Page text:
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Tea Diseases

Blister blight

Disease symptoms

  • Small, pinhole-size spots are initially seen on young leaves less than a month old. As the leaves develop, the spots become transparent, larger, and light brown.
  • After about 7 days, the lower leaf surface develops blister-like symptoms, with dark green, water-soaked zones surrounding the blisters.
  • Following release of the fungal spores, the blister becomes white and velvety.
  • Subsequently the blister turns brown, and young infected stems become bent and distorted and may break off or die.
Survival and spread
  • The pathogens survive on leaves or stems and in fallen plant host debris.
  • Disease is readily spread by the dispersal of spore by wind.

Favourable conditions

Red rust

Disease symptoms

  • Leaves develop lesions that are roughly circular, raised, and purple to reddish-brown. The alga may spread from leaves to branches and fruit.
  • Most algal spots develop on the upper leaf surface.
  • Older infections become greenish-gray and look like lichen. Cephaleuros usually does not harm the plant.

Survival and spread

  • The pathogens reproduce and survive in spots on leaves or stems and in fallen plant host debris.
Favourable conditions
  • Frequent rains and warm weather are favorable conditions for these pathogens. For hosts, poor plant nutrition, poor soil drainage, and stagnant air are predisposing factors to infection by the algae

Brown blight, grey blight

Disease symptoms

  • Small, oval, pale yellow-green spots first appear on youngBrown blight  grey blightleaves. Often the spots are surrounded by a narrow, yellow zone.
  • As the spots grow and turn brown or gray, concentric rings with scattered, tiny black dots become visible and eventually the dried tissue falls, leading to defoliation. Leaves of any age can be affected.

Survival and spread

  • The pathogen survives in decay plant debris which is the sourse of primary infection.
  • When young twigs of susceptible cultivars are cut and used to root new plants, latent mycelium in the leaf tissue may start to invade nearby cells to form brown spots, and this may lead to death of leaves and twigs.

Favourable conditions

  • The disease is favored by poor air circulation, high temperature, and high humidity or prolonged periods of leaf wetness.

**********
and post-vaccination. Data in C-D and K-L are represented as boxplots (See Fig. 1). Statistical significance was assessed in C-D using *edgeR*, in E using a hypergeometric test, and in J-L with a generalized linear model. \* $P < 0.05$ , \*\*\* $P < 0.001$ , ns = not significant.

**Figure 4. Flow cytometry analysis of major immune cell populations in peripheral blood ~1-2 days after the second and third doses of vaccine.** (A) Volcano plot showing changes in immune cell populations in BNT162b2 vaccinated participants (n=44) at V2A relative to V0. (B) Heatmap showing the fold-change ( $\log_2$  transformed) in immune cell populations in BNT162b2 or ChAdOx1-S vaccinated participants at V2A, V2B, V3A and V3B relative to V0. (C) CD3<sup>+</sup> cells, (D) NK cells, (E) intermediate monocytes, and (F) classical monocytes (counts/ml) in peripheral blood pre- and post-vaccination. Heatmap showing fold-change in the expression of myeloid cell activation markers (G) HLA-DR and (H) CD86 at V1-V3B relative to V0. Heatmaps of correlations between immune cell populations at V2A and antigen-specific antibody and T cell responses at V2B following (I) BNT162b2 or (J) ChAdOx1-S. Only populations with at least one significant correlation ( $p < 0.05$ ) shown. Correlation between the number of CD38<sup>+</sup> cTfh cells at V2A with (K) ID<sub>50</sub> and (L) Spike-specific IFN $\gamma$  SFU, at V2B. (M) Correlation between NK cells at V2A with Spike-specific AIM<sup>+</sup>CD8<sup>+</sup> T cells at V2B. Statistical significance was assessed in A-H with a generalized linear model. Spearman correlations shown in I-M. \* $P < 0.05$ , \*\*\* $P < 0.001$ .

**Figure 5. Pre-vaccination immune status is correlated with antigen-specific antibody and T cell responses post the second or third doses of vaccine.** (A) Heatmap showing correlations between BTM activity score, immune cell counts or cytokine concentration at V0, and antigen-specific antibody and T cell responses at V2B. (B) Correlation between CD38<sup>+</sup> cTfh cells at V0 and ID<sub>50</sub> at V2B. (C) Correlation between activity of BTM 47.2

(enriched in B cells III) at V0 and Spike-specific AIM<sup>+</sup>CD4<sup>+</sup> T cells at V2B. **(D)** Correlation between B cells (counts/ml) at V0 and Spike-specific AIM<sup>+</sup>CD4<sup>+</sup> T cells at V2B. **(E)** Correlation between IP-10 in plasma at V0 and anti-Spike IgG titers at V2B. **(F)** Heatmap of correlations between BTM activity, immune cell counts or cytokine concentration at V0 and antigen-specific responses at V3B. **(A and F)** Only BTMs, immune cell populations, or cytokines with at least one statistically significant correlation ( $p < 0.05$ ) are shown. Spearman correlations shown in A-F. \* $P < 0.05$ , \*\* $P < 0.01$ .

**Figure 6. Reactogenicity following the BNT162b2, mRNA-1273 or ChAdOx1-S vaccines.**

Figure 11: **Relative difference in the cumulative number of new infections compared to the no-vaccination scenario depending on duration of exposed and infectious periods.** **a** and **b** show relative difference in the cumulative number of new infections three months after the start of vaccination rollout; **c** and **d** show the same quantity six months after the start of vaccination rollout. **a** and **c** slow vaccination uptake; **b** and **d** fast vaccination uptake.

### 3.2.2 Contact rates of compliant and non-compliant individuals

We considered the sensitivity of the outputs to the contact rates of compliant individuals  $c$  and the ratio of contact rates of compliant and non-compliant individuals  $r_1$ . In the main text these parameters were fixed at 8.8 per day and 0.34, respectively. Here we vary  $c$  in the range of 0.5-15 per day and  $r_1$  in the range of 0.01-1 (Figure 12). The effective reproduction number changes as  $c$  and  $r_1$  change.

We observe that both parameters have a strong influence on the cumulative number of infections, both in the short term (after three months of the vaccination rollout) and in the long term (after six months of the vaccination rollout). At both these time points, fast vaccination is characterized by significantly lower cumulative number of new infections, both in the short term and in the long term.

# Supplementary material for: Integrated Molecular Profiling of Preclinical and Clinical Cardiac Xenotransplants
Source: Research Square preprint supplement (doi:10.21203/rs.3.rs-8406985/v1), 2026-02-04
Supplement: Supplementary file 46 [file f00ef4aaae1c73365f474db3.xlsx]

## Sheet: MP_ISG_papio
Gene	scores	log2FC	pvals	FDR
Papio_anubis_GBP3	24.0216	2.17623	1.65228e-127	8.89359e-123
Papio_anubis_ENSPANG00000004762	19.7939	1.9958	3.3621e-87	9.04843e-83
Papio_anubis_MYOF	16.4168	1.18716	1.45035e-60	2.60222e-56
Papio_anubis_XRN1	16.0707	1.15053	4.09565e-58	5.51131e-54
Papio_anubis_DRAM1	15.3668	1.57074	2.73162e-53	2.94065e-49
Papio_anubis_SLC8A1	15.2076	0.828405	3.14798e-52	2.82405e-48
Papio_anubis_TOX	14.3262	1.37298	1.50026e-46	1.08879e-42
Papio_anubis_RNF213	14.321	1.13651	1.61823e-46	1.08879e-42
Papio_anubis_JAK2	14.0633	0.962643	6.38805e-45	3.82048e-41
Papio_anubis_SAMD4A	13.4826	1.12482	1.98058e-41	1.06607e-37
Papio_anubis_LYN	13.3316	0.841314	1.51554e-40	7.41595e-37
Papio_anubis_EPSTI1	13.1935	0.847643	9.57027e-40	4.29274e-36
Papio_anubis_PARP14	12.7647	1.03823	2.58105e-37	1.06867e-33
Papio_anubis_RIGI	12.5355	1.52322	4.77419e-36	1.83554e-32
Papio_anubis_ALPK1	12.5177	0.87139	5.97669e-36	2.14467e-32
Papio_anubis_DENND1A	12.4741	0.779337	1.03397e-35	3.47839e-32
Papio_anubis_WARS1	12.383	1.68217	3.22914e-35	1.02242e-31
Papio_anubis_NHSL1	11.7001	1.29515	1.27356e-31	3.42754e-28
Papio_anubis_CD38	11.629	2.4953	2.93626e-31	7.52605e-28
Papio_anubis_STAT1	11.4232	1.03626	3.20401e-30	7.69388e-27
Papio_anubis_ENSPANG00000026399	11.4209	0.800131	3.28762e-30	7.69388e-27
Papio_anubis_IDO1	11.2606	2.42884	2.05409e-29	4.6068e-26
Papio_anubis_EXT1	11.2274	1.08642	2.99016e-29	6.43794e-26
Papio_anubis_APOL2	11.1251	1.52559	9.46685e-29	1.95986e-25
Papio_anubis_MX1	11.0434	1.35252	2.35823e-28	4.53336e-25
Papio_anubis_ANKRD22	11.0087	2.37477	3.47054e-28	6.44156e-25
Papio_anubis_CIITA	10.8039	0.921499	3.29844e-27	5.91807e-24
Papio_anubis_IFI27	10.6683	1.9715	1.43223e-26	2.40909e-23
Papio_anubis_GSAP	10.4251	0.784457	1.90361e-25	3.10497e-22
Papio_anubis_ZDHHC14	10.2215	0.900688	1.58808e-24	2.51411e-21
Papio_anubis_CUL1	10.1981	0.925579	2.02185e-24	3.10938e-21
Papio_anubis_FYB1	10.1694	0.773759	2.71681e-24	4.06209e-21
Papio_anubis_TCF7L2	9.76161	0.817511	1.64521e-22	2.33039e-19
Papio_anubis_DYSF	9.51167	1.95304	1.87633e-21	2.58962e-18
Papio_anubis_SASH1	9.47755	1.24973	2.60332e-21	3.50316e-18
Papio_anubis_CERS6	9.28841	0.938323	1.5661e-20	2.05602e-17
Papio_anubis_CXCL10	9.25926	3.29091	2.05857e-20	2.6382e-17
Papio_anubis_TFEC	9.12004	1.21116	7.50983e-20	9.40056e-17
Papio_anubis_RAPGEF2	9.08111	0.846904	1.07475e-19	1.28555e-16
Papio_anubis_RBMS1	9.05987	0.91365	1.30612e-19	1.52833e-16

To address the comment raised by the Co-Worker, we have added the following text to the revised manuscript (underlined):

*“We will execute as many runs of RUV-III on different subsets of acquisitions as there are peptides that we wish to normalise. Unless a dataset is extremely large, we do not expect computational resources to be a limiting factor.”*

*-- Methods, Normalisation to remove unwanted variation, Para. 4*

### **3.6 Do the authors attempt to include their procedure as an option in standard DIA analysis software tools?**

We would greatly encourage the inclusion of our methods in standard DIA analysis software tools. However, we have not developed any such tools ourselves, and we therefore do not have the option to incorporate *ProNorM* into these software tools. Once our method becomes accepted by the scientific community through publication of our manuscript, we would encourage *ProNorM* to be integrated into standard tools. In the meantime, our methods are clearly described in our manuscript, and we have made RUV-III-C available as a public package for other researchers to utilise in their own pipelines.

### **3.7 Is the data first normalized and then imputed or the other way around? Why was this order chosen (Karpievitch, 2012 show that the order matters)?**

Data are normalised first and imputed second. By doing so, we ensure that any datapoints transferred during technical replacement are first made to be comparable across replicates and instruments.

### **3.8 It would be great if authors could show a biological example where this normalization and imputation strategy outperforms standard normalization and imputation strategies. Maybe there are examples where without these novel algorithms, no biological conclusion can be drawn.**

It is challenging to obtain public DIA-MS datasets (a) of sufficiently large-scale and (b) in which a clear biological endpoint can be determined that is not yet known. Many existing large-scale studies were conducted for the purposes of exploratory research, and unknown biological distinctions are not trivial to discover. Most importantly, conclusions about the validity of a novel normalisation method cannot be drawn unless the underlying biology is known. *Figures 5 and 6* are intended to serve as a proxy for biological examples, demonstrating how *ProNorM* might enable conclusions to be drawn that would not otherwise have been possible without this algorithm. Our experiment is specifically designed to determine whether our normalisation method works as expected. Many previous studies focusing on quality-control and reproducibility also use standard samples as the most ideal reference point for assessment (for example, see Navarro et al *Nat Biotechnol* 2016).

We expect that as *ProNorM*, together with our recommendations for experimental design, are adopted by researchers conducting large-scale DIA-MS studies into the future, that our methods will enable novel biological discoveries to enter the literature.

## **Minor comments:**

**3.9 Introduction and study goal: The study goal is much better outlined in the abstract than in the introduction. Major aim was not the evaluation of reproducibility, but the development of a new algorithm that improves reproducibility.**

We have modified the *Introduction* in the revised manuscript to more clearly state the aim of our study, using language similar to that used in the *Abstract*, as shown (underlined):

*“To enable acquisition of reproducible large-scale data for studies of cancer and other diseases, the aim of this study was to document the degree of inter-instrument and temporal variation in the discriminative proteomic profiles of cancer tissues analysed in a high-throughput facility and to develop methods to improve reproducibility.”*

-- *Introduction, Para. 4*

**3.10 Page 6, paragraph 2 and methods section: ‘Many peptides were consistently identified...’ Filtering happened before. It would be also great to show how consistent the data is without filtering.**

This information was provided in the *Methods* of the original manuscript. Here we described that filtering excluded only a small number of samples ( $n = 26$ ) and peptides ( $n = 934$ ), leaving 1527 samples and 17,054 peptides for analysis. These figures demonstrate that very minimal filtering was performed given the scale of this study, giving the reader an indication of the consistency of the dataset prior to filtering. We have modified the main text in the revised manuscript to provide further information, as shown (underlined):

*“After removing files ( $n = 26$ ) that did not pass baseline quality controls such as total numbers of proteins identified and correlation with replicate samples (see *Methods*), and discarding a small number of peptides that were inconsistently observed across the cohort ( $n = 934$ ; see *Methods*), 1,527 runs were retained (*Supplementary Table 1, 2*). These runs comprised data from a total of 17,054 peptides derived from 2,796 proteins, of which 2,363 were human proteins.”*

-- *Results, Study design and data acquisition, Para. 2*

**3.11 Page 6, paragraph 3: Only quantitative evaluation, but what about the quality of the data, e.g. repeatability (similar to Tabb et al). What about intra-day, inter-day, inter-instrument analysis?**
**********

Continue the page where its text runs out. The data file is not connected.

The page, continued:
Twig die back, stem canker

Disease symptoms

  • The first symptoms include browning and drooping of affected leaves. As the disease spreads into the shoots, they become dry and die. The entire branch can die from the tip downward.
  • Dying branches often have cankers-shallow, slowly spreading lesions surrounded by a thick area of bark.

Survival and spread

  • The fungus usually requires wounded plant tissue to gain entry and initiate infection.
  • Spores are spread when splashed by rain and can survive for several weeks on pruned branches left in the field.

Favourable conditions

  • Rainy weather favors its spread, and dry conditions promote its development.

Brown root rot disease

Disease symptoms

  • Tea plants of all ages are susceptible to this disease. AffectedBrown root rot diseasebushes occur in patches, usually around old tree stumps, but sometimes isolated bushes are affected.
  • Plants become weaker and their leaves begin to turn yellow and finally wilt and defoliate, eventually leading to death of the plant.
  • Longitudinal cracks are usually present on the collar above the soil level but also on the tap root and lateral roots.
  • Scrapping of the bark at the collar region reveals sheets of creamy white mycelia and the wood has a strong mushroom like-smell.

Survival and spread

  • Disease is spread by spores carried by wind, lodges on stumps of shade trees; infection spreads mainly through root contact and alternate hosts are Coffee, Grevillea, Albizia and Erythrina.
Favourable conditions
  • Disease is common in low elevation areas. Humid and rainy season favour the development of disease.

Red root rot disease

Symptoms

  • Disease is also called as Poria root disease of tea.
  • First symptoms appear as yellowing of the leaf followed by wilting and then sudden death of the bush or entire bush with the weathered leaves are attached to the stem for several days.
Survival and spread
  • The pathogen is soil borne and mycelium present in the soil is the source of primary infection.
Favourable conditions
  • Humid and rainy season favour the development of the disease.

Disease cycle

Blister blight:

Rust

Brown and grey blight

Disease cycle Brown and grey blight

Twig die back, stem canker

IPM for Tea

To know the IPM practices for Tea, click here.

Source: NIPHMDirectorate of Plant Protection, Quarantie Storage



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